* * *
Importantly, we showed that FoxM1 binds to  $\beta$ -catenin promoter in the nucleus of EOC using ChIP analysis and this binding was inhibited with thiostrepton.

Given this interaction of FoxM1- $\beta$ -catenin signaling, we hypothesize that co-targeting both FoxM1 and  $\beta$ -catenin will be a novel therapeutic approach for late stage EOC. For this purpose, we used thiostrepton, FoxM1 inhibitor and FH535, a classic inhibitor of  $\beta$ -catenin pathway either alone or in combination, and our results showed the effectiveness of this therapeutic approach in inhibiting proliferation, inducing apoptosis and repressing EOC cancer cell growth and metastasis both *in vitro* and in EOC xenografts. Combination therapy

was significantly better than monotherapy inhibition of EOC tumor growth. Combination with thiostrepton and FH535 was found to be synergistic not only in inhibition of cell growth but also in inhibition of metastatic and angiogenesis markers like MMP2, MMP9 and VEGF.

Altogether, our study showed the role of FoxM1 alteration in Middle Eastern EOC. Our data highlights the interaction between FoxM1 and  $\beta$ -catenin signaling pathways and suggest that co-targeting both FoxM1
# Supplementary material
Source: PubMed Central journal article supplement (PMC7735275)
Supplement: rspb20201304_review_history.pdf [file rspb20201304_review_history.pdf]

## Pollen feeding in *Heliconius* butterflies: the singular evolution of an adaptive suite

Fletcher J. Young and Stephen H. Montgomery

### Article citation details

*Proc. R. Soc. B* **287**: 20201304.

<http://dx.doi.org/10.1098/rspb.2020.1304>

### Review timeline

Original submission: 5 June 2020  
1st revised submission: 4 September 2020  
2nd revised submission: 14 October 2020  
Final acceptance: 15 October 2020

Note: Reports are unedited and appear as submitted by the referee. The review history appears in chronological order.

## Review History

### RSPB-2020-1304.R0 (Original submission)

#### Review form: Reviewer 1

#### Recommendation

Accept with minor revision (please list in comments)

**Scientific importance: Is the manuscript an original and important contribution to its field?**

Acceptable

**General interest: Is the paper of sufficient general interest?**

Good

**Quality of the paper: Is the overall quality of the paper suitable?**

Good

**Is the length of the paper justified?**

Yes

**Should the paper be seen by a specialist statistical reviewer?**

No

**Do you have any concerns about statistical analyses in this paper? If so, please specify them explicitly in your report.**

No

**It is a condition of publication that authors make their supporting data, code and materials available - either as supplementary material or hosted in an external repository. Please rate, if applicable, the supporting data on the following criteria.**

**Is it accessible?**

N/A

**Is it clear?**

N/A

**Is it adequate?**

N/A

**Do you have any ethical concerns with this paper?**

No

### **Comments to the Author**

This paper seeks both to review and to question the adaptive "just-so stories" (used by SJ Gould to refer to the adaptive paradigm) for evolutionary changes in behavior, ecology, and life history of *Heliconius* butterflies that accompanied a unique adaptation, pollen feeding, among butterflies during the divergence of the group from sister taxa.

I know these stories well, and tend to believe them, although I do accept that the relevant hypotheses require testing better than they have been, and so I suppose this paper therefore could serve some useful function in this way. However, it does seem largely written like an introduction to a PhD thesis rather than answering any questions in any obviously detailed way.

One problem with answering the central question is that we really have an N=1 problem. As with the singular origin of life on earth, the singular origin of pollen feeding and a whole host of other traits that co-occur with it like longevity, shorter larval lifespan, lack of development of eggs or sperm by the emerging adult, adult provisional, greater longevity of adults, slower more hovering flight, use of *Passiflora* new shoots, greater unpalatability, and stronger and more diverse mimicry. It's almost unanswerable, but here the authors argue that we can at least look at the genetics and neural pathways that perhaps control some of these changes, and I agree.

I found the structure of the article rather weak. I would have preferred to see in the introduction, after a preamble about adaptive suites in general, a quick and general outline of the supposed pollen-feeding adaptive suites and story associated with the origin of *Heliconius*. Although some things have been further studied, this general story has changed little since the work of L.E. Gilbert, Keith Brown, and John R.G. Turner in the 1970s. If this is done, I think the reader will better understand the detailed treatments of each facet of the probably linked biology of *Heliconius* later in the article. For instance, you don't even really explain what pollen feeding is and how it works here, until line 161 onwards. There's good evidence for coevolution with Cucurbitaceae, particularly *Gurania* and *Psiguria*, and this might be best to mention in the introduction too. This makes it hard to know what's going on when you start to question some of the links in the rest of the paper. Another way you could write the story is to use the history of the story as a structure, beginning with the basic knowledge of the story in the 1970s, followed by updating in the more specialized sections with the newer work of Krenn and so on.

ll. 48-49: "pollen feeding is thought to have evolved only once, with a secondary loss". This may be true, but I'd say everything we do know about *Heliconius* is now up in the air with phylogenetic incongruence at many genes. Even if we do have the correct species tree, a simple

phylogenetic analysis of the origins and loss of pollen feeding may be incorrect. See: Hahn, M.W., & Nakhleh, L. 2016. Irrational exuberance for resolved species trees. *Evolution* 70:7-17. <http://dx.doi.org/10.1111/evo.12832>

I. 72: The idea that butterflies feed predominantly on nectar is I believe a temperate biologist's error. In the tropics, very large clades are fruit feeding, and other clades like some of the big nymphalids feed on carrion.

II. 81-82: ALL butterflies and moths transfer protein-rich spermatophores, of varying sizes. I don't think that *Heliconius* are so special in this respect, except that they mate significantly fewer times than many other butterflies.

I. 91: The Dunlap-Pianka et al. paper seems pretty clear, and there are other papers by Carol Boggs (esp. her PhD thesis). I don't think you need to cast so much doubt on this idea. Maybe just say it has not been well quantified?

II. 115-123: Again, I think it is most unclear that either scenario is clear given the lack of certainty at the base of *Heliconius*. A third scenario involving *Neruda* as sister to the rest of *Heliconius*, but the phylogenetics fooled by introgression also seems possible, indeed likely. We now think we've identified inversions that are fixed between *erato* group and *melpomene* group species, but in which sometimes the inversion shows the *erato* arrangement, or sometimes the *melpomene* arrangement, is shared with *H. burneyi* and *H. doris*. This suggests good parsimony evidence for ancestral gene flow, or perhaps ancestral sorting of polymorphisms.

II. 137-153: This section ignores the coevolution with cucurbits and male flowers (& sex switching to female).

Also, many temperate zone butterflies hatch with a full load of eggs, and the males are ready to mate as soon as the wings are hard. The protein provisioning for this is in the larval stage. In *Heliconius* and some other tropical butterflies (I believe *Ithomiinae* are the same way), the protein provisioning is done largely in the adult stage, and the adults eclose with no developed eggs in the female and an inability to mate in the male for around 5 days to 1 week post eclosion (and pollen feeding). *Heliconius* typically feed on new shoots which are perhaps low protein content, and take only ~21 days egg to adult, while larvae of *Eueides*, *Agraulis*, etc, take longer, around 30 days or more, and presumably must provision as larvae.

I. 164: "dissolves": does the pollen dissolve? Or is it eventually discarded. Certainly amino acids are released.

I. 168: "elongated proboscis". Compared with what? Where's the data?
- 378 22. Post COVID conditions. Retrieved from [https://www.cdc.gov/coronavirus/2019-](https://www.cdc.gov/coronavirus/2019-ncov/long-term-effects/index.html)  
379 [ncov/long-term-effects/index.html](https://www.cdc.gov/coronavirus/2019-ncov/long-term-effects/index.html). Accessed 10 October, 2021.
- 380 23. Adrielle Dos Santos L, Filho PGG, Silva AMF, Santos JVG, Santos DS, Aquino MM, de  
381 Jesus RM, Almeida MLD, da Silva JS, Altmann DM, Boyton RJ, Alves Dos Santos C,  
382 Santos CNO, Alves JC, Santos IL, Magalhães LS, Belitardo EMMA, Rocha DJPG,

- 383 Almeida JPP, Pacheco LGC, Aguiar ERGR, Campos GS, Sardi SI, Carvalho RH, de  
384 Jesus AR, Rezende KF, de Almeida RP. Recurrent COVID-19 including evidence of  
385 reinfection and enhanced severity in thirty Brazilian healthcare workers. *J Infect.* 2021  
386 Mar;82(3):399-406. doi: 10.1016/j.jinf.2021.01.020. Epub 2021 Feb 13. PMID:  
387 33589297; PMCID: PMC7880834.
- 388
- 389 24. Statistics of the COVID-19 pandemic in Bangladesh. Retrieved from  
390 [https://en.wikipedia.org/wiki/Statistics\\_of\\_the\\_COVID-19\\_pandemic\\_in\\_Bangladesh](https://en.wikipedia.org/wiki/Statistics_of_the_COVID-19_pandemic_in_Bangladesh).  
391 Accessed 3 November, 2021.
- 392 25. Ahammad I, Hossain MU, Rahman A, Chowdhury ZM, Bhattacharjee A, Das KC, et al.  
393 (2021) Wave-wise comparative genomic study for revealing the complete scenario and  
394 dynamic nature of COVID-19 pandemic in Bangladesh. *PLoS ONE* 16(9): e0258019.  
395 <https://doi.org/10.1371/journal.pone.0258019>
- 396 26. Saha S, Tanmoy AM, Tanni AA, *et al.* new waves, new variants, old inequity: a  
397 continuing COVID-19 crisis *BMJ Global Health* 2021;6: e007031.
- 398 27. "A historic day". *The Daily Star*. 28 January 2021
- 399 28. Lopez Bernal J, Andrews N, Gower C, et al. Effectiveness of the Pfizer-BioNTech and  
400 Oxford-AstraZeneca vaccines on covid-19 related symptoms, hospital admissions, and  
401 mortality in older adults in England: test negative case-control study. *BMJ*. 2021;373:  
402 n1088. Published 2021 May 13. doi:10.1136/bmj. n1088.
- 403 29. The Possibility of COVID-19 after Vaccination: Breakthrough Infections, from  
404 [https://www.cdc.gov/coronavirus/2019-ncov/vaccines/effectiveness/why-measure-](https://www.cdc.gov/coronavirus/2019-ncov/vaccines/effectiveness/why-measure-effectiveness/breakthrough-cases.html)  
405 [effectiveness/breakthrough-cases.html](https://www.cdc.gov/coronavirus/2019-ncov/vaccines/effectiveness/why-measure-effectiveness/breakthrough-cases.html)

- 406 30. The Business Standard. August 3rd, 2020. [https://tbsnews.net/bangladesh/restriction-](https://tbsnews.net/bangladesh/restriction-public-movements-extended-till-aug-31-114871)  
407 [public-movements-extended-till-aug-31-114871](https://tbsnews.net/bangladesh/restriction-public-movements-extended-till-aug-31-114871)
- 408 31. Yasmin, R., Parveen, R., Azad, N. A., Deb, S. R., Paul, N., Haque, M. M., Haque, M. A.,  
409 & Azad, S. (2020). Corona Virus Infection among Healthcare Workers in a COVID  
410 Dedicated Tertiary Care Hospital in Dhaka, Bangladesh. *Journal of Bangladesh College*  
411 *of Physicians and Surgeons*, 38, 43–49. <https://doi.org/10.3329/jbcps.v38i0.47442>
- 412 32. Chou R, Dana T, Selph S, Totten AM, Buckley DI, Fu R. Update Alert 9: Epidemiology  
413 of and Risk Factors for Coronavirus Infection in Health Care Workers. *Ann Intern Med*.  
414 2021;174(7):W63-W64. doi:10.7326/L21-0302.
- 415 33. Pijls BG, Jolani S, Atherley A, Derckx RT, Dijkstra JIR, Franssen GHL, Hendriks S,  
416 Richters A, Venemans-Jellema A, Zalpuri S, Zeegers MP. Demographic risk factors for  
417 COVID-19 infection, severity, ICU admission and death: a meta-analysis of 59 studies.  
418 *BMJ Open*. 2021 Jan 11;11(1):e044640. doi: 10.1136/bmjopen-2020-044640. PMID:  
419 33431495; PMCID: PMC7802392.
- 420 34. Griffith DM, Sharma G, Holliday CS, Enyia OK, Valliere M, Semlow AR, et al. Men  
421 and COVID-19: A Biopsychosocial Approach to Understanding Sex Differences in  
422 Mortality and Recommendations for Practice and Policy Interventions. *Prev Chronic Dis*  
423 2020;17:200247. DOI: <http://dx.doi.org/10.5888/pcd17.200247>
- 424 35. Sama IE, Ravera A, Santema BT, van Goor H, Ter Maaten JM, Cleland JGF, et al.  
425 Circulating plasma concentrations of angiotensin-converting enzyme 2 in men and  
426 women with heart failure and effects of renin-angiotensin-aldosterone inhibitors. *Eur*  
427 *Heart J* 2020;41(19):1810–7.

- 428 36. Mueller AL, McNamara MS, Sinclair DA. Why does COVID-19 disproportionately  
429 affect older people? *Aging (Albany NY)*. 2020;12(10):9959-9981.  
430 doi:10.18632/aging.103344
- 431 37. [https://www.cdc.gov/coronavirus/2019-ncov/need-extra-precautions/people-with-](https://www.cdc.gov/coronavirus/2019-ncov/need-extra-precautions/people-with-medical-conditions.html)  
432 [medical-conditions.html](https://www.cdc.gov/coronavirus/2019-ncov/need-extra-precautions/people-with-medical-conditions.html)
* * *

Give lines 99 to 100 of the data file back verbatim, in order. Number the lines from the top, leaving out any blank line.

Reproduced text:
417 COVID-19 infection, severity, ICU admission and death: a meta-analysis of 59 studies.  
418 *BMJ Open*. 2021 Jan 11;11(1):e044640. doi: 10.1136/bmjopen-2020-044640. PMID:  